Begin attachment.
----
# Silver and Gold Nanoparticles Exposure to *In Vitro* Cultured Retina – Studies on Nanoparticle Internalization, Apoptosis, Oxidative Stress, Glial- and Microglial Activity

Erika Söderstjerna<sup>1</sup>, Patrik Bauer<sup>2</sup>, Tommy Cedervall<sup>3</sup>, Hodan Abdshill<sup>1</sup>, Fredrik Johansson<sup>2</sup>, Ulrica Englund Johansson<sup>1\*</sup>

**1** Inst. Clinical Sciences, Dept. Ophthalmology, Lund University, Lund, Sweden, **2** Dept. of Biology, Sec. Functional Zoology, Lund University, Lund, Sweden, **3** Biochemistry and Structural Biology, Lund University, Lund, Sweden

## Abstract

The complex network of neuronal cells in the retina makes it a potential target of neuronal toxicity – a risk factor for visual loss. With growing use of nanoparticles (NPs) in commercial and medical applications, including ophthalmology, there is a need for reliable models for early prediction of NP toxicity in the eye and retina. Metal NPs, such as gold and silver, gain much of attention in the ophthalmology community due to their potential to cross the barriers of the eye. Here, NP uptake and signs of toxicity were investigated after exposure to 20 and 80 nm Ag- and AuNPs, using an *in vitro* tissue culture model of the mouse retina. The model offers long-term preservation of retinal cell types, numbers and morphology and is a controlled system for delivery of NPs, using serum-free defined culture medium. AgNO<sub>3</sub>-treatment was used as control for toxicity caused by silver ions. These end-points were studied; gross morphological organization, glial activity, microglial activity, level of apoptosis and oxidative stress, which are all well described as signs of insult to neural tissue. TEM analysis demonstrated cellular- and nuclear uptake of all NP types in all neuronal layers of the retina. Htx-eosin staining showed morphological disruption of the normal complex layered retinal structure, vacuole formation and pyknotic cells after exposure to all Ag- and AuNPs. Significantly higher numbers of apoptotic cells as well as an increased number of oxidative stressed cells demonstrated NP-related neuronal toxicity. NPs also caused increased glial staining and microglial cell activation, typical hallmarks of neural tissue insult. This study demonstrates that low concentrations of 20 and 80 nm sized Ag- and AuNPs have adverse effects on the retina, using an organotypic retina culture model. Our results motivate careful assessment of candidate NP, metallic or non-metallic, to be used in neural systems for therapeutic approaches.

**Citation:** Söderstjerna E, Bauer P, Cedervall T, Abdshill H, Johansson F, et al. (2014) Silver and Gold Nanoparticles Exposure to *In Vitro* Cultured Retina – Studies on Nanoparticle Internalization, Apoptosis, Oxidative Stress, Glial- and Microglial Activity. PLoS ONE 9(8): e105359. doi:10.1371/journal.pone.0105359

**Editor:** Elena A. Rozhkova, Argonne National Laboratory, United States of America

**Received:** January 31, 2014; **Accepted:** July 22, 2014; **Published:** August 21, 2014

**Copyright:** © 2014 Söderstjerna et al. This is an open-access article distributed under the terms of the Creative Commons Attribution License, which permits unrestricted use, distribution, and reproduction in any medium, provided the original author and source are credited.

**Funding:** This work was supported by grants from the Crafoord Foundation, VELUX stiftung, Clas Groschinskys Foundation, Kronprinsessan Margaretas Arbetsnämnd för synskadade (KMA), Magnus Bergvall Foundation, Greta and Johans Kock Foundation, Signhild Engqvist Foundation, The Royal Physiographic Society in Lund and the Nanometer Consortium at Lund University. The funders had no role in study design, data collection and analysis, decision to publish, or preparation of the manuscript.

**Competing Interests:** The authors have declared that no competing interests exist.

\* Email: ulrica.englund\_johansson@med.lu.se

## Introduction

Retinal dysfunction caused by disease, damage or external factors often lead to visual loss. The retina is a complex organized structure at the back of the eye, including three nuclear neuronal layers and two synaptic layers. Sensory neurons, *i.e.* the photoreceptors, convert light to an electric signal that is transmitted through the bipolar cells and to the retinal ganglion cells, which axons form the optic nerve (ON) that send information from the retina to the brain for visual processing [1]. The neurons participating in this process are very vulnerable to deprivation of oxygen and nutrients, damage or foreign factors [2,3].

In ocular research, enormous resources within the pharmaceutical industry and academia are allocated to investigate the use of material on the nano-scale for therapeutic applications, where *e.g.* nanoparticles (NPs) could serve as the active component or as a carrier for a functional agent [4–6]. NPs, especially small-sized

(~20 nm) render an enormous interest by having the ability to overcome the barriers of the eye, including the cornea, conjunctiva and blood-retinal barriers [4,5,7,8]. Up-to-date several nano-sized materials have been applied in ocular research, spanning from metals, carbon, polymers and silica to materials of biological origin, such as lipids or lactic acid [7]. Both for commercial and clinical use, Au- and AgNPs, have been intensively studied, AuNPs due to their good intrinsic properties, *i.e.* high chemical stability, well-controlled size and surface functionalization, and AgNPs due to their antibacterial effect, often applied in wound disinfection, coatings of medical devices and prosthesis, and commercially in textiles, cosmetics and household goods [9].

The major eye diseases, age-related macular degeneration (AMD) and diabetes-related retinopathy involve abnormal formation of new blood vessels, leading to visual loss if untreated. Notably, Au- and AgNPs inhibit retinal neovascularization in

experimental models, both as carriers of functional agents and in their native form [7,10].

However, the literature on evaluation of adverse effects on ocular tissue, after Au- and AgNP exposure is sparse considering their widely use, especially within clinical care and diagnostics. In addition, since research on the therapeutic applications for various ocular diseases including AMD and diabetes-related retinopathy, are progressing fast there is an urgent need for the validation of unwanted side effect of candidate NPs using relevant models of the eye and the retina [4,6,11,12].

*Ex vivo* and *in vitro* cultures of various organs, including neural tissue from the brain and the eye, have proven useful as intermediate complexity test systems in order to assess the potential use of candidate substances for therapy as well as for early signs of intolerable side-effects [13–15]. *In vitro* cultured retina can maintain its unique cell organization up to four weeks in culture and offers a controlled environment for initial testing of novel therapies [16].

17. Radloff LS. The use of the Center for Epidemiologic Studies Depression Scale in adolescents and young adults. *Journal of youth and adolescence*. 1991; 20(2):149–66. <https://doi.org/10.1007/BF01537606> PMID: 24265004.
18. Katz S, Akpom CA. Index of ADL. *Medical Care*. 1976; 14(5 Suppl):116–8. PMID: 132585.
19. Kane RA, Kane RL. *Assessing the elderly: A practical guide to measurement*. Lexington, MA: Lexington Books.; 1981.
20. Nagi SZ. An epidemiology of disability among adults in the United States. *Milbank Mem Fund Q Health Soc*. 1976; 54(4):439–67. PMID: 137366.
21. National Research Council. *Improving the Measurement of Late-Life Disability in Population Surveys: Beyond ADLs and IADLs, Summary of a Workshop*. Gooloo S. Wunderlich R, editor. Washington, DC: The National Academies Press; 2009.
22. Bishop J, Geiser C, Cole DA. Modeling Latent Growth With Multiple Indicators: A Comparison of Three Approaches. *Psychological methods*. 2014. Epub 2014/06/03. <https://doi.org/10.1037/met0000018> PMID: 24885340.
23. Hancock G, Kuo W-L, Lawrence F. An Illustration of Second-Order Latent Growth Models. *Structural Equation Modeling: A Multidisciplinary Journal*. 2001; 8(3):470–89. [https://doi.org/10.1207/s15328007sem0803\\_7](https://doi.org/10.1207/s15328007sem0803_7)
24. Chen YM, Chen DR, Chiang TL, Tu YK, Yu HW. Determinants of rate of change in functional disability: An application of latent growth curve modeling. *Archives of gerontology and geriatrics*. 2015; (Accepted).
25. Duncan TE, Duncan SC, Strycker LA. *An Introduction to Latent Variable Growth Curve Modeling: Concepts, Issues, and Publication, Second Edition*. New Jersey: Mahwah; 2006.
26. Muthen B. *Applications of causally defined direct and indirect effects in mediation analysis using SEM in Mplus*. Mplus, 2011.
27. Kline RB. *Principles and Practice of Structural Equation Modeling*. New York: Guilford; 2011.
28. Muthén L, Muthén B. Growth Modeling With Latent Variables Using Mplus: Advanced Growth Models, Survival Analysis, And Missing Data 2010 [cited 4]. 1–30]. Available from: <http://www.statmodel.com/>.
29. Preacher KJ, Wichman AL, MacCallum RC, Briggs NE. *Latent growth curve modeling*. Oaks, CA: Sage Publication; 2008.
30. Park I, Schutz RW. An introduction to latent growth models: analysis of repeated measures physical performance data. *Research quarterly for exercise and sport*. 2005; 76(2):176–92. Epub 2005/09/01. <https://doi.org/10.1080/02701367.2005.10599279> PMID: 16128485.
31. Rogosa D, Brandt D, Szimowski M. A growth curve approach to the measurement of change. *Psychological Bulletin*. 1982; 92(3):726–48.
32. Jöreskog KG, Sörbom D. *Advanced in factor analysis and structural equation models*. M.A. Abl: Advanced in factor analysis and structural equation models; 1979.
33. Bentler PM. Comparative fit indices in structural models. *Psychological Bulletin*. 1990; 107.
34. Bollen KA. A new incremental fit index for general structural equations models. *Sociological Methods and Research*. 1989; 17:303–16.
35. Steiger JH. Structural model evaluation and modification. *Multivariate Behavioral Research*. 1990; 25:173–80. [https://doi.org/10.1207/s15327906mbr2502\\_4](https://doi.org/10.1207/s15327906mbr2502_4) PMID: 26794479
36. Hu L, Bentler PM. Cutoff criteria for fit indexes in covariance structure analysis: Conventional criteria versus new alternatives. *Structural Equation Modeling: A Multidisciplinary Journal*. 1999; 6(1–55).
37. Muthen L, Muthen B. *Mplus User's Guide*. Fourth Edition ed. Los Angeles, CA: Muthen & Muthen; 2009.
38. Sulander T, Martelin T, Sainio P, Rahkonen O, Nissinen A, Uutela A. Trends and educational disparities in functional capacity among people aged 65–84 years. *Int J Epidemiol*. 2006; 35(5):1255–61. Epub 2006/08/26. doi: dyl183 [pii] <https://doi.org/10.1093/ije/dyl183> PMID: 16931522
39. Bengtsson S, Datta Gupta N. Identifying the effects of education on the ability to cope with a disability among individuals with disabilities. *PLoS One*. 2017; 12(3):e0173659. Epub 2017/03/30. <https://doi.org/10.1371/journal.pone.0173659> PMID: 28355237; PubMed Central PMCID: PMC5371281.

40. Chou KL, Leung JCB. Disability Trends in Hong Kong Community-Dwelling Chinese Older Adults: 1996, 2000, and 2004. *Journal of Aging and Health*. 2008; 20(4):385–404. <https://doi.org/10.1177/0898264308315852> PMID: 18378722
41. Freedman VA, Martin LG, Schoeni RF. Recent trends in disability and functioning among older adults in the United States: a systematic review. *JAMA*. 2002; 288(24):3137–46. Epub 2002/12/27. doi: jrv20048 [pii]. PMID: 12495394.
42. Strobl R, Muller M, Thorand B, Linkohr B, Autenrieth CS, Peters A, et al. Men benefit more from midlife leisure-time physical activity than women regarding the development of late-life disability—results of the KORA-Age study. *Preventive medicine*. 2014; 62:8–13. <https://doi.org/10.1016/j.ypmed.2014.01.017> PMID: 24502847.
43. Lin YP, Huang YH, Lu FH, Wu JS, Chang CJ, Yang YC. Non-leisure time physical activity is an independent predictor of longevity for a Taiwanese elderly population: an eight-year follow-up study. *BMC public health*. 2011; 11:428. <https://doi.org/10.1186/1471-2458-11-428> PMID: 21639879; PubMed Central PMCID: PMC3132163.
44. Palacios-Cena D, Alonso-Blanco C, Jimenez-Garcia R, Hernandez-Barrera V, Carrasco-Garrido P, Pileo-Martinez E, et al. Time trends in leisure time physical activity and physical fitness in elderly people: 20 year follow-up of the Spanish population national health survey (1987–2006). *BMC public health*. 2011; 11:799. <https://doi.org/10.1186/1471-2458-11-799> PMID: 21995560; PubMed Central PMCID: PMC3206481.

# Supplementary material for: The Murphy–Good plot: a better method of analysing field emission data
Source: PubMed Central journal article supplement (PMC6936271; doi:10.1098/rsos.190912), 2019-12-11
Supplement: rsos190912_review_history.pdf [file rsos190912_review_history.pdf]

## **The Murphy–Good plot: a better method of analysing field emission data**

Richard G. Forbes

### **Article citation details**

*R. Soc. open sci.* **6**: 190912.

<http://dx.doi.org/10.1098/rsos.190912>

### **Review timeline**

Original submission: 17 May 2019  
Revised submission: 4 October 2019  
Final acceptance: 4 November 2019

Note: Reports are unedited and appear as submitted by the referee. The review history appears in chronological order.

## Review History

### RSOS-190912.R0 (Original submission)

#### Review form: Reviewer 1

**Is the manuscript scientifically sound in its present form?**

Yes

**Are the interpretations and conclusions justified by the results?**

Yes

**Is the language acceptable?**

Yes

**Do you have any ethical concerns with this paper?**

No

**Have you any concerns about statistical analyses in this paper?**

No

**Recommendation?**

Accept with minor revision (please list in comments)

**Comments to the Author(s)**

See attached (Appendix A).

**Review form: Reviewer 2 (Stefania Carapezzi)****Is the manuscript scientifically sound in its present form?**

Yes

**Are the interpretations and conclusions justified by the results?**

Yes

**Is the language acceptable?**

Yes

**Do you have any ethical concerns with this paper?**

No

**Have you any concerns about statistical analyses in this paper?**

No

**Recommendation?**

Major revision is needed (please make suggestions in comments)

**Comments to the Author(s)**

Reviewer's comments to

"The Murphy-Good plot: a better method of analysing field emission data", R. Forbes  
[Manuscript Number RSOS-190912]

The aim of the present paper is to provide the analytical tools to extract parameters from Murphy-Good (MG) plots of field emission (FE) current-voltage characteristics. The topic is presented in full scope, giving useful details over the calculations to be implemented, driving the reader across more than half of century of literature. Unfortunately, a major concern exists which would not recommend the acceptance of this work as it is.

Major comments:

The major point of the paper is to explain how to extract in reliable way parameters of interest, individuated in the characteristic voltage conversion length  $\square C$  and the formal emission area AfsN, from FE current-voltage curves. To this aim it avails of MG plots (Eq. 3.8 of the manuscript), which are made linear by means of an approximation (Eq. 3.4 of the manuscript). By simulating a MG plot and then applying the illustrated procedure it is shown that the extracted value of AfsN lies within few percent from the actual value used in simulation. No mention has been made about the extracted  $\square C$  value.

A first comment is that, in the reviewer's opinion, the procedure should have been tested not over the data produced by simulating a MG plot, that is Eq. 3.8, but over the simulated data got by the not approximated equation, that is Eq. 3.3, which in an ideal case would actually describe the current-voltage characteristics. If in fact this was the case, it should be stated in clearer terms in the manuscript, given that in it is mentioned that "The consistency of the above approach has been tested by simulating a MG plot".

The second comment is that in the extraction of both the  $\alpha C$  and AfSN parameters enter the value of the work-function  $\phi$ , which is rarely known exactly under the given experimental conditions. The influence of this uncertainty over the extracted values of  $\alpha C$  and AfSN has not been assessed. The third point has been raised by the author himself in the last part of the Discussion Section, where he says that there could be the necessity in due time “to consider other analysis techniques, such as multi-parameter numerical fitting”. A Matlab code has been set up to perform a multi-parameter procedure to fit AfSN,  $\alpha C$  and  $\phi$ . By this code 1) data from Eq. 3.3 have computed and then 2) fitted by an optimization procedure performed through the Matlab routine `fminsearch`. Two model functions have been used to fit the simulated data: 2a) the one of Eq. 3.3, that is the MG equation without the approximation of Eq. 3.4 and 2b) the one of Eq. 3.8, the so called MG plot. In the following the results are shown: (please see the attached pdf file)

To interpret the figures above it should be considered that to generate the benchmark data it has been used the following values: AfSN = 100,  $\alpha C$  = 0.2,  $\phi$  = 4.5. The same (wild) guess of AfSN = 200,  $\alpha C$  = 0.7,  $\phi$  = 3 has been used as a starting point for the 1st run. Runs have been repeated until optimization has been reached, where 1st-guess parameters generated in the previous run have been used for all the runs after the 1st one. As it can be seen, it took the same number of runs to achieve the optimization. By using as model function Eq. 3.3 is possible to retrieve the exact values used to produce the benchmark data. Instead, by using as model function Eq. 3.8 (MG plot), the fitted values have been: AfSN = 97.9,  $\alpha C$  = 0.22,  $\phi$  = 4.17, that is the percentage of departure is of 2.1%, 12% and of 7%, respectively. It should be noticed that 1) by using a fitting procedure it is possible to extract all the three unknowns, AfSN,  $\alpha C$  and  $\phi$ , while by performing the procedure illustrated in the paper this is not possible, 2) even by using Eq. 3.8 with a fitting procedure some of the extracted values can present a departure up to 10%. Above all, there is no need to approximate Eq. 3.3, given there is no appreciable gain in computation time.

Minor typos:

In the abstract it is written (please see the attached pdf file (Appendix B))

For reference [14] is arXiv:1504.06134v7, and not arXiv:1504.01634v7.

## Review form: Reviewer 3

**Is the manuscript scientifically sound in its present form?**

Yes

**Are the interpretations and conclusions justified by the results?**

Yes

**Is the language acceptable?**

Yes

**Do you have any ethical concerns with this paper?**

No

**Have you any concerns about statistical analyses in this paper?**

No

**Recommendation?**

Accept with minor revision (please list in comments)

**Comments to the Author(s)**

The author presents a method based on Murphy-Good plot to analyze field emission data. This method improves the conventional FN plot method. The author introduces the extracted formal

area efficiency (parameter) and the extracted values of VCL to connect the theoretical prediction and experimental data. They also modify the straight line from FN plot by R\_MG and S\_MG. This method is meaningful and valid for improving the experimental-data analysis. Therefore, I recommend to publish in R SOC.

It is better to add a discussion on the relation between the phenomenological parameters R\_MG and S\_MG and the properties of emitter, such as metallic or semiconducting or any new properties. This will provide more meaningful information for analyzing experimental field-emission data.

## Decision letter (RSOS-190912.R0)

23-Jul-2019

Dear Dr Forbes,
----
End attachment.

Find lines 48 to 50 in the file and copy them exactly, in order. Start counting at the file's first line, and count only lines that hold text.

44. Palacios-Cena D, Alonso-Blanco C, Jimenez-Garcia R, Hernandez-Barrera V, Carrasco-Garrido P, Pileo-Martinez E, et al. Time trends in leisure time physical activity and physical fitness in elderly people: 20 year follow-up of the Spanish population national health survey (1987–2006). *BMC public health*. 2011; 11:799. <https://doi.org/10.1186/1471-2458-11-799> PMID: 21995560; PubMed Central PMCID: PMC3206481.

# Supplementary material for: The Murphy–Good plot: a better method of analysing field emission data
Source: PubMed Central journal article supplement (PMC6936271; doi:10.1098/rsos.190912), 2019-12-11